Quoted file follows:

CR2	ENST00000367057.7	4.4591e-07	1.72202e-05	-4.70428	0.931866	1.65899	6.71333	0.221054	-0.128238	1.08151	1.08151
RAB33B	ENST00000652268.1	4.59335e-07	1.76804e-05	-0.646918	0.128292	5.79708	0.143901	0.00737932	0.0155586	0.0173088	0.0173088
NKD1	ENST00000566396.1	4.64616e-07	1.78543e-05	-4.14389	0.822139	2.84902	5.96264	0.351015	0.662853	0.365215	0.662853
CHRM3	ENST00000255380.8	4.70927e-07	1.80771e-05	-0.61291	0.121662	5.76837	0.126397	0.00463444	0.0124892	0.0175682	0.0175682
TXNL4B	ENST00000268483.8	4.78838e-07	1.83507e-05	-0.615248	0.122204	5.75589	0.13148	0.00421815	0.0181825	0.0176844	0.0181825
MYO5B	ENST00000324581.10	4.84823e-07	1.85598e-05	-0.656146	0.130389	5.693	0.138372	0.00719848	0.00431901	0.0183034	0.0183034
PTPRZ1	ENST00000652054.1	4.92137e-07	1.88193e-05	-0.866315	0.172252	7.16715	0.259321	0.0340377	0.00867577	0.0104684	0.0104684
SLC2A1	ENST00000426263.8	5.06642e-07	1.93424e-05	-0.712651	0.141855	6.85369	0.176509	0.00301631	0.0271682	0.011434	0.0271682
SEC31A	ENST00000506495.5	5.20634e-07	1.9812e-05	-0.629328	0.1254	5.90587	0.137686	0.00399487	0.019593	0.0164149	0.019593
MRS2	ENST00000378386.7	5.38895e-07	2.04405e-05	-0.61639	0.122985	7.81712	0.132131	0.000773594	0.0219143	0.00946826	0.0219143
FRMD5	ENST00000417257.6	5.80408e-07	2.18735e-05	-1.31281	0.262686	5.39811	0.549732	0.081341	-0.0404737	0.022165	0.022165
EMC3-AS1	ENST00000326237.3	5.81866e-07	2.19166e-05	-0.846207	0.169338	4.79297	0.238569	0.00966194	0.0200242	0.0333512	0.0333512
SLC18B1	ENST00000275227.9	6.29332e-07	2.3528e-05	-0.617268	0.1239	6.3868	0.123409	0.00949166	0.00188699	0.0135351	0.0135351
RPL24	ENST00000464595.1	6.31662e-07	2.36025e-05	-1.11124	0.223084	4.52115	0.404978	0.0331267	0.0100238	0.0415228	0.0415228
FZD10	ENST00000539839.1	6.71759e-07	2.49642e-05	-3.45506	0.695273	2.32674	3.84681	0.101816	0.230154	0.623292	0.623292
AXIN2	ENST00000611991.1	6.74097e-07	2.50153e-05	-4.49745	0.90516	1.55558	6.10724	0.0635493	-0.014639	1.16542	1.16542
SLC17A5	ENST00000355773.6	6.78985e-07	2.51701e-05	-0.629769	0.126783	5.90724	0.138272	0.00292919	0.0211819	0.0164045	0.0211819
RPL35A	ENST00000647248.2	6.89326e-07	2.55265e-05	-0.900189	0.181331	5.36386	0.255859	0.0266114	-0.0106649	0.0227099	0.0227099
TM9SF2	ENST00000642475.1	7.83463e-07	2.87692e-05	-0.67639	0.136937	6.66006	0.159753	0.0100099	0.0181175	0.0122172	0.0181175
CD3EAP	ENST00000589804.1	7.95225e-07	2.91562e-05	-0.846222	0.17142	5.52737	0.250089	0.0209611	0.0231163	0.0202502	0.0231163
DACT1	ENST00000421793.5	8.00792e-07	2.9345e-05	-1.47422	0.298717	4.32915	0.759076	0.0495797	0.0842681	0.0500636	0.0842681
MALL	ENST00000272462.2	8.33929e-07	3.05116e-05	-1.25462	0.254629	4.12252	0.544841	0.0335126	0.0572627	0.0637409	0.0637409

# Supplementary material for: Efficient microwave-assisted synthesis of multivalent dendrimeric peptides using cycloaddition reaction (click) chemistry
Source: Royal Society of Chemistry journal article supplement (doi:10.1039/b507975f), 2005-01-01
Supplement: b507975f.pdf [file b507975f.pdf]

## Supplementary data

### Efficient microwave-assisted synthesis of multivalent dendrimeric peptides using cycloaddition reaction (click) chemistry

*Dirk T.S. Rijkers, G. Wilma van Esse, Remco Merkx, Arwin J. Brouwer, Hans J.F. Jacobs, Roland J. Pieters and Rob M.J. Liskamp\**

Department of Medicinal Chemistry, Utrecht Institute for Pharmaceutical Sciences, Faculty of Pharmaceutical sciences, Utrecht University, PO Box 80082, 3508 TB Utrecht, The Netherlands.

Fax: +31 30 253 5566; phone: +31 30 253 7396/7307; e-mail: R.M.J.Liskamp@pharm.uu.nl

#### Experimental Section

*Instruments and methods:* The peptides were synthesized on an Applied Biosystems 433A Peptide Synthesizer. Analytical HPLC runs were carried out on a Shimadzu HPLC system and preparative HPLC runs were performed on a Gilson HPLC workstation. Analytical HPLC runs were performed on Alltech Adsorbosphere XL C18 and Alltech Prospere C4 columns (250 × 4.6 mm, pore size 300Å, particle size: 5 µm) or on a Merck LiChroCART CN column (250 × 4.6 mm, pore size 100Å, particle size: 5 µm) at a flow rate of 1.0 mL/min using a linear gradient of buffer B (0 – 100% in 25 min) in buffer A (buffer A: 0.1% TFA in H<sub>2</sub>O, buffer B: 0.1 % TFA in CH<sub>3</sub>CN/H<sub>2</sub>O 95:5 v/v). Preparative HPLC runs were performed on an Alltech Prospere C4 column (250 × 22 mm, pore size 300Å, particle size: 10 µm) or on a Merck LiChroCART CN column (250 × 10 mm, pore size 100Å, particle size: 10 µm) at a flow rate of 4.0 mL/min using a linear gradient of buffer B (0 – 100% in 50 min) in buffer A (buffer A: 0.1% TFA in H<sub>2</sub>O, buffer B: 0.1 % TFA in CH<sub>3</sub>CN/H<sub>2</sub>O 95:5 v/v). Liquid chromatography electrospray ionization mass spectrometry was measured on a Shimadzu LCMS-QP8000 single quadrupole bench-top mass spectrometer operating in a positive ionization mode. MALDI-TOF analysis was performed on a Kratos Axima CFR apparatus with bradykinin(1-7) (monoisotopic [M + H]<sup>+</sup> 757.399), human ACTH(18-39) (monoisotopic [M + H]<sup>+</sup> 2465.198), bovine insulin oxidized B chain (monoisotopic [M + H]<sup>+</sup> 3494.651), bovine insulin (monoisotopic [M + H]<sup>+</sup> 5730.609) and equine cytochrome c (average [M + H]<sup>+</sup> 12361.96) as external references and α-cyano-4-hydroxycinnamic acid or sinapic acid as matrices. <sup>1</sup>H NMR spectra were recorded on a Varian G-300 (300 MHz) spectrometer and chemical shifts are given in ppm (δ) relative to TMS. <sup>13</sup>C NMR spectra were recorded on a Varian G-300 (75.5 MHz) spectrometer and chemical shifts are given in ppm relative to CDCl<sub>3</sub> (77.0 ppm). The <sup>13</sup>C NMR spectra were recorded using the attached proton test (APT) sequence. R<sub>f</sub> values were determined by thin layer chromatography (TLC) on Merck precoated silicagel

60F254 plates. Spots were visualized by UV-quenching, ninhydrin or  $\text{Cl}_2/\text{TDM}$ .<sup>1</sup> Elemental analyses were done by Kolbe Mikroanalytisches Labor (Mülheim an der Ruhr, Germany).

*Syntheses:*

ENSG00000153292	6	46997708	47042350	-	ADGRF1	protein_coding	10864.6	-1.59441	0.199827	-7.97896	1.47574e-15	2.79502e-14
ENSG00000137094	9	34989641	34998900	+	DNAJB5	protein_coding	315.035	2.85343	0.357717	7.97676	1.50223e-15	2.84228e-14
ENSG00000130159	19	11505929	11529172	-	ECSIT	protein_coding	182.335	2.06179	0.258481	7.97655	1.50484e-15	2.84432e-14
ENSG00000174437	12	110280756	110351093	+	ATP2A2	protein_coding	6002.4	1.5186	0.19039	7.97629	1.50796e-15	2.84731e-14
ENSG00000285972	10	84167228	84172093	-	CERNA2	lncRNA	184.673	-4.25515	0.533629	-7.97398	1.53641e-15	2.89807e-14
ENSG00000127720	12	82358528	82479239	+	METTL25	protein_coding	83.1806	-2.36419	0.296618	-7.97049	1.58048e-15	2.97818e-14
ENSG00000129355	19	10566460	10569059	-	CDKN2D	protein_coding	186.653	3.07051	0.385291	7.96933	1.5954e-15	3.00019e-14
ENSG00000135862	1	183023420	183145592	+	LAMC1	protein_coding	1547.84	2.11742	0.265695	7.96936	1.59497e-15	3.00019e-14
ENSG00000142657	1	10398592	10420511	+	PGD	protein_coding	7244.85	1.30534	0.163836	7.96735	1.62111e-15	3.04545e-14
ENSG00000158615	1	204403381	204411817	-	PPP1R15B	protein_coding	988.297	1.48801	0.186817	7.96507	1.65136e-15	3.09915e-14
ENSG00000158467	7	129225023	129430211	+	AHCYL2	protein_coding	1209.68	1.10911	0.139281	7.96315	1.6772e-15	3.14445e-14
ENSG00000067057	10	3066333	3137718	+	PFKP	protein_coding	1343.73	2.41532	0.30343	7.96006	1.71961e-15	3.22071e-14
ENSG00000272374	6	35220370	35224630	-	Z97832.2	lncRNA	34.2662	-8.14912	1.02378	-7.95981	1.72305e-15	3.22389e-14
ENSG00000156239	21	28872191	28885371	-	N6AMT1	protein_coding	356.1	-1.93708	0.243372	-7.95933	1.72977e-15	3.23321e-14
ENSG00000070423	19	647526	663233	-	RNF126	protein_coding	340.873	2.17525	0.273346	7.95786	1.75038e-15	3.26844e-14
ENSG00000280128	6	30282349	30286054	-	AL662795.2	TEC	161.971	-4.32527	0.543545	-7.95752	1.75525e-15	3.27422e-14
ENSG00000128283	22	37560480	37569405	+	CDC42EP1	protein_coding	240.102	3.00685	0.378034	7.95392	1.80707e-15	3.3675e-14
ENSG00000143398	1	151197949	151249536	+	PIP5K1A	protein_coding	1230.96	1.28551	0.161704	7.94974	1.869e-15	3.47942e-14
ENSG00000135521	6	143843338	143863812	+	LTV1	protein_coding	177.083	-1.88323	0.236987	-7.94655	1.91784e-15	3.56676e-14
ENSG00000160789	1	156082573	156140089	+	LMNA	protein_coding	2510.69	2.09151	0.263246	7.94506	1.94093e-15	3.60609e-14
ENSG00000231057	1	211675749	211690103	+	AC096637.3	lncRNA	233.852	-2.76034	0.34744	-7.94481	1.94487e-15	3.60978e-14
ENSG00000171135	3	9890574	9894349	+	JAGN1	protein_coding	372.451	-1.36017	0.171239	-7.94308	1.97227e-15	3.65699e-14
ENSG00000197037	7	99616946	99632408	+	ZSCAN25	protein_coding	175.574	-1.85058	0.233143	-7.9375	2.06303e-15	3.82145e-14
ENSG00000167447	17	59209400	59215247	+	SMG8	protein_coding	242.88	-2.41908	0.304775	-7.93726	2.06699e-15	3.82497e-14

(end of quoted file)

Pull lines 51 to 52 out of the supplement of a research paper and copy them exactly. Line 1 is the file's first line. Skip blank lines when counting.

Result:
ENSG00000128283	22	37560480	37569405	+	CDC42EP1	protein_coding	240.102	3.00685	0.378034	7.95392	1.80707e-15	3.3675e-14
ENSG00000143398	1	151197949	151249536	+	PIP5K1A	protein_coding	1230.96	1.28551	0.161704	7.94974	1.869e-15	3.47942e-14